Deepa had this to say on winning her 2016 Paralympics silver: “I hope my journey and the medal can serve as an inspiration for differently-abled individuals to break out from their social boundaries and pursue their dreams.”



Capt Seshadri Sreenivasan is a former armed forces officer with over 30 years experience in marketing. He also a consulting editor with a leading publishing house. He is a co-author of the best selling biography of astronaut Sunita Williams.

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Challenge of Running Alone

Things to keep in mind when you run solo, by Radhika Meganathan

Runners run alone for several reasons. Perhaps your life schedule requires you to run at weird, ungodly hours. You may not have runner friends, or your town may not have a running club to socialize. Or, plainly speaking, you may not want another person to disrupt your running zen state of mind.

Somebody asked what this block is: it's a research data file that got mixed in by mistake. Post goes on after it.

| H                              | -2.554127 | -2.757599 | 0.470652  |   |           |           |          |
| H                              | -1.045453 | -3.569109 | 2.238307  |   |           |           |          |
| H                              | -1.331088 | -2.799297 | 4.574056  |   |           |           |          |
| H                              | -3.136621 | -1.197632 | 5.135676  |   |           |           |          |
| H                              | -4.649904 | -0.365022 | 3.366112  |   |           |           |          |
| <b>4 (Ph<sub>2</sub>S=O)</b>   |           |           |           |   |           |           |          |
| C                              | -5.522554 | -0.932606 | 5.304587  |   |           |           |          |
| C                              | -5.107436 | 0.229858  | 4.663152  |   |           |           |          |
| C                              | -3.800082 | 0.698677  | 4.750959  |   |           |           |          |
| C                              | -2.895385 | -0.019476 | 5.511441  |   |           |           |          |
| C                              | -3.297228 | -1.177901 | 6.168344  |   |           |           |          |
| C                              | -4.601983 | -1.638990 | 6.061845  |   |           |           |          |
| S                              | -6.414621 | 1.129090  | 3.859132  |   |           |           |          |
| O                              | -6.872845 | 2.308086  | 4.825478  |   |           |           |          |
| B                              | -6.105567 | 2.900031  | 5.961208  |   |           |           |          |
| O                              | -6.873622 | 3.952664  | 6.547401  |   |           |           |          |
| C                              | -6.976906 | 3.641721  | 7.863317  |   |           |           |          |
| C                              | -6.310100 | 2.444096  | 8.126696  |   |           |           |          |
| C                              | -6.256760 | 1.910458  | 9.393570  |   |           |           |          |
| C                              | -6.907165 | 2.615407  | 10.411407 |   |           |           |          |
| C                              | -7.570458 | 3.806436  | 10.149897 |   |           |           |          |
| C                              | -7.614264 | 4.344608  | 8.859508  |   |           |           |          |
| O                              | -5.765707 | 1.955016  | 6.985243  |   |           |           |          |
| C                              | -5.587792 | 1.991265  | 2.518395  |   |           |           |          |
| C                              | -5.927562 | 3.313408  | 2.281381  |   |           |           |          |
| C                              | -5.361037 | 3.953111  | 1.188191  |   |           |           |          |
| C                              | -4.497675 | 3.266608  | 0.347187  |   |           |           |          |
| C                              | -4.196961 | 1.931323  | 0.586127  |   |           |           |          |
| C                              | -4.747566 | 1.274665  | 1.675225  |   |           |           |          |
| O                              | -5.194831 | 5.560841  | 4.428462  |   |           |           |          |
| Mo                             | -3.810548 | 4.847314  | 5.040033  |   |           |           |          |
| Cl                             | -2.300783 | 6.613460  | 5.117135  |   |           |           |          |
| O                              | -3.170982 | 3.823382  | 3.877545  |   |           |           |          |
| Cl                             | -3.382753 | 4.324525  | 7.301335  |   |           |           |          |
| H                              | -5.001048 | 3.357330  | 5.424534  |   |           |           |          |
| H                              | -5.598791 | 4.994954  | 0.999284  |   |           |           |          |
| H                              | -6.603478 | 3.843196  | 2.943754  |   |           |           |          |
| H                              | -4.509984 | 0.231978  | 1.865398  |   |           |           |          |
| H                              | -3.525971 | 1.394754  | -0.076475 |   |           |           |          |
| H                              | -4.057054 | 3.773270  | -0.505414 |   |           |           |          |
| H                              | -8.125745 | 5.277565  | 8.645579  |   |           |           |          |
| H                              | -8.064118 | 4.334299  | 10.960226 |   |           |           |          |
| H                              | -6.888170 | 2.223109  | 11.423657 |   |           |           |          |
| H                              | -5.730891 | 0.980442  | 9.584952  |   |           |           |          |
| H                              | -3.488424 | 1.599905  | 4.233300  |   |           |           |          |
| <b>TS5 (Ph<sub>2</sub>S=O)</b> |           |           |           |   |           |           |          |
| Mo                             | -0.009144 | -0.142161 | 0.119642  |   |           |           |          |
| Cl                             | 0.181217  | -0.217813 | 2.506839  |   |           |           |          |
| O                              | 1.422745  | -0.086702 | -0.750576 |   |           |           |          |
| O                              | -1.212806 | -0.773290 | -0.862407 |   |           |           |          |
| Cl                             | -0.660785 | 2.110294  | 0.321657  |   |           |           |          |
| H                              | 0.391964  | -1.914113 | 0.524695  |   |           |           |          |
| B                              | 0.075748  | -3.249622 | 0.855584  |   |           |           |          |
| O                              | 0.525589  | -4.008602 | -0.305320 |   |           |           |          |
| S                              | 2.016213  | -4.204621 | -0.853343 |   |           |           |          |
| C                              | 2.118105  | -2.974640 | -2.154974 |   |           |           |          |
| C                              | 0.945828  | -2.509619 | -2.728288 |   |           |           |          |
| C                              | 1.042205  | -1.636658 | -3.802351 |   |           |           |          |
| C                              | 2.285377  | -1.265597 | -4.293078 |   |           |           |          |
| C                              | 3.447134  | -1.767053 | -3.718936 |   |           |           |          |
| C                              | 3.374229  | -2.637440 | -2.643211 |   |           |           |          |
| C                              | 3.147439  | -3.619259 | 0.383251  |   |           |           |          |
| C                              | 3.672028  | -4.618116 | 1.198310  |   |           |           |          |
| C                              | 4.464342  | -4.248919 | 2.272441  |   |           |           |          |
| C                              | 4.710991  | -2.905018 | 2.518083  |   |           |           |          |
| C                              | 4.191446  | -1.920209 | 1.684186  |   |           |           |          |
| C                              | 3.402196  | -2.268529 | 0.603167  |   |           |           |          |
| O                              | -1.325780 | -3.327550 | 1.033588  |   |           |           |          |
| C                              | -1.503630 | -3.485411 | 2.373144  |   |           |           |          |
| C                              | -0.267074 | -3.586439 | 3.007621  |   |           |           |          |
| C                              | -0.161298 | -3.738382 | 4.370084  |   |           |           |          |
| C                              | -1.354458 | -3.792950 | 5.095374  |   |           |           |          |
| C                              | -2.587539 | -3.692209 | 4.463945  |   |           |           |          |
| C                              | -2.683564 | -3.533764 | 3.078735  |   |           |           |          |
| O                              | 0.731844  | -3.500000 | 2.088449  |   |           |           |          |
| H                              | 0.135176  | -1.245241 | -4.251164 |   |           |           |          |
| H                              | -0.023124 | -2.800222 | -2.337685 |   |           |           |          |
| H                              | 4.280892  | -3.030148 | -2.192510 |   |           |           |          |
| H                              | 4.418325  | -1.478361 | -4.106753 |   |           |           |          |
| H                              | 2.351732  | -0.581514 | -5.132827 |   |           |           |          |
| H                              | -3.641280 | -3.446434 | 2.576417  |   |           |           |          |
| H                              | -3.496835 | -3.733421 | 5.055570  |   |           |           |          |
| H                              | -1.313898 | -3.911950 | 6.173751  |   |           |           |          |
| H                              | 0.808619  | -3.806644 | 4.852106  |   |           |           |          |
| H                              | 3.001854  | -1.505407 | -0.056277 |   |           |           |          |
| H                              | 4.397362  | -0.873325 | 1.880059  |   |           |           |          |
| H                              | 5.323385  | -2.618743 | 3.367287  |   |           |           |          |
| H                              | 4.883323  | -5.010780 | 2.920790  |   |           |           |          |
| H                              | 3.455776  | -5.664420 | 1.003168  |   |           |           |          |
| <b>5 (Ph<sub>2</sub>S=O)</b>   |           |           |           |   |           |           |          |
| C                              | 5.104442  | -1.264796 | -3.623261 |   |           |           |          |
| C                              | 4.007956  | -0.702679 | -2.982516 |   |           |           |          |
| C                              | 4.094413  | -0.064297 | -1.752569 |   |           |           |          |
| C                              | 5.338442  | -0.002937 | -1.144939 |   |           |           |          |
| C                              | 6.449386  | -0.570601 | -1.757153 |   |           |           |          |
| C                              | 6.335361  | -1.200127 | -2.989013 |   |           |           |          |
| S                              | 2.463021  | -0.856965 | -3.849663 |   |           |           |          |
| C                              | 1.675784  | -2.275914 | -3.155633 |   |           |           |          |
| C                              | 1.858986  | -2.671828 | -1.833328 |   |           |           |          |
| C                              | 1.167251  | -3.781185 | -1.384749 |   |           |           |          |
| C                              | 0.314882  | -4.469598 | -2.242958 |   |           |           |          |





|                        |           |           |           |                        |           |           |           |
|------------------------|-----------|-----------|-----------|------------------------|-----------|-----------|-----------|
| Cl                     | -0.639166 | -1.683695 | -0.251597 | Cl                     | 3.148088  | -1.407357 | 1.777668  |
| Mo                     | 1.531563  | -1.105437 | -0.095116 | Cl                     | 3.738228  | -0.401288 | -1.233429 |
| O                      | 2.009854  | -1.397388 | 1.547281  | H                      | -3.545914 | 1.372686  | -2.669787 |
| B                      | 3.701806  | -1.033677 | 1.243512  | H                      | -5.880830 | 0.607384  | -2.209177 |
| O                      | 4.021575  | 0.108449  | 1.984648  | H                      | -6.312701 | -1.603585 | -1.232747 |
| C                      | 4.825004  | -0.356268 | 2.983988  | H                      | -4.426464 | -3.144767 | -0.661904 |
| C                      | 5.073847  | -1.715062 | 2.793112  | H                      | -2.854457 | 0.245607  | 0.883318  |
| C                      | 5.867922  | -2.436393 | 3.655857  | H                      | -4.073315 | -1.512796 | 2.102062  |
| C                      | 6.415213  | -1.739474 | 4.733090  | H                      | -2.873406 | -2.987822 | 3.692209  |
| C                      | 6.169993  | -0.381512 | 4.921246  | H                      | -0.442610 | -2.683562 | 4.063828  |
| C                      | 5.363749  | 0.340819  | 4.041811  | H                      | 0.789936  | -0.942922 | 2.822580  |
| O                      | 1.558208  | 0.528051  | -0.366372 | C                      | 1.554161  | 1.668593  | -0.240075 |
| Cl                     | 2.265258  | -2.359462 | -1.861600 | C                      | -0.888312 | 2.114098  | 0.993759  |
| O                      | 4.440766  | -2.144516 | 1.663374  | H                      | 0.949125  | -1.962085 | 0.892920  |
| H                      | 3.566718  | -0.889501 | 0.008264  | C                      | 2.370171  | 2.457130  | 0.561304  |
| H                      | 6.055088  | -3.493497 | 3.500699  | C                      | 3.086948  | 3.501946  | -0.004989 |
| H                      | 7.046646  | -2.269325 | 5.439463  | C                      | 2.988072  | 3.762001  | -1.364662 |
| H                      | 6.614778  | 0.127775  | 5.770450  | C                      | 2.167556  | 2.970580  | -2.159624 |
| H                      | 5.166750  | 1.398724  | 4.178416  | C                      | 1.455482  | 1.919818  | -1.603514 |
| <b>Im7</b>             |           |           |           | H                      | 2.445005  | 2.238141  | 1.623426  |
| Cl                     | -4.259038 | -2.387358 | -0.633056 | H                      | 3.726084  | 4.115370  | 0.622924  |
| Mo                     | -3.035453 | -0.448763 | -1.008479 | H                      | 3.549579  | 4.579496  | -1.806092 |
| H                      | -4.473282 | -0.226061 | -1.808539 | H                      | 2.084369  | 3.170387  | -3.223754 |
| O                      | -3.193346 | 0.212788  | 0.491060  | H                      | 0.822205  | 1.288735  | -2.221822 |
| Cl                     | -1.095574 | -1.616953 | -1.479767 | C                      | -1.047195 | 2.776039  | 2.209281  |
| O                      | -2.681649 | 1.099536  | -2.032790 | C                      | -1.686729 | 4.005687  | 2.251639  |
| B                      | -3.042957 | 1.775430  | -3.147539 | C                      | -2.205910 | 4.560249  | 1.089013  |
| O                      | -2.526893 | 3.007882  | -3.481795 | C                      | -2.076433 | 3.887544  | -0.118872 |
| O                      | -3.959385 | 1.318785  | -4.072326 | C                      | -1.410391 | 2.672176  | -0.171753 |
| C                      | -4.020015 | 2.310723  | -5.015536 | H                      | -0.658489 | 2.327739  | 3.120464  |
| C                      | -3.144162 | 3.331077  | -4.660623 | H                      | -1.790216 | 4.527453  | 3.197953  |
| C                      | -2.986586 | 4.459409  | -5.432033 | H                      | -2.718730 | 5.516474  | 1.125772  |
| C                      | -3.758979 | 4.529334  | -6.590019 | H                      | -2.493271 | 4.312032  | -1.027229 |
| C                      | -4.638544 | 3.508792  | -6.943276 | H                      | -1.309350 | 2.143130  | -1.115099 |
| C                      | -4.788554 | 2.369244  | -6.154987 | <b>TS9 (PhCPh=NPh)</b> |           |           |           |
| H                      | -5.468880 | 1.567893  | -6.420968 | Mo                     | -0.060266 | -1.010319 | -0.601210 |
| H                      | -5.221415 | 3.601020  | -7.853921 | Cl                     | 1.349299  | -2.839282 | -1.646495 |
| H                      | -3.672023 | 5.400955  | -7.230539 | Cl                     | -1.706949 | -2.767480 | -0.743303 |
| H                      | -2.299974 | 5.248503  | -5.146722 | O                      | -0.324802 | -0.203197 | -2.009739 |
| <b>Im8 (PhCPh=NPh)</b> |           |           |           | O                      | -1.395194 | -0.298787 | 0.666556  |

Whatever it is, you have decided to run solo and you may be wondering whether you will run into any roadblocks in the process. That’s why we have tabulated the four key factors you have to consider while running alone.


Every runner is responsible for their own safety, and for good reason: it is best to be safe than sorry. Your running attire must consist of a bright element in it that can be easily seen from a distance. Take enough water so that you do not end up dehydrated. Always carry an id, some money and have your mobile fully-charged. install an app like BSafe which, on the command of a single button, will broadcast an SOS call with your location details to your contacts.

In case you have a set running routine and do not want to carry your mobile with you, check out Bugle, where you log in your route and how long you will be gone: if you are not back on time, it sends out an alarm to your contacts.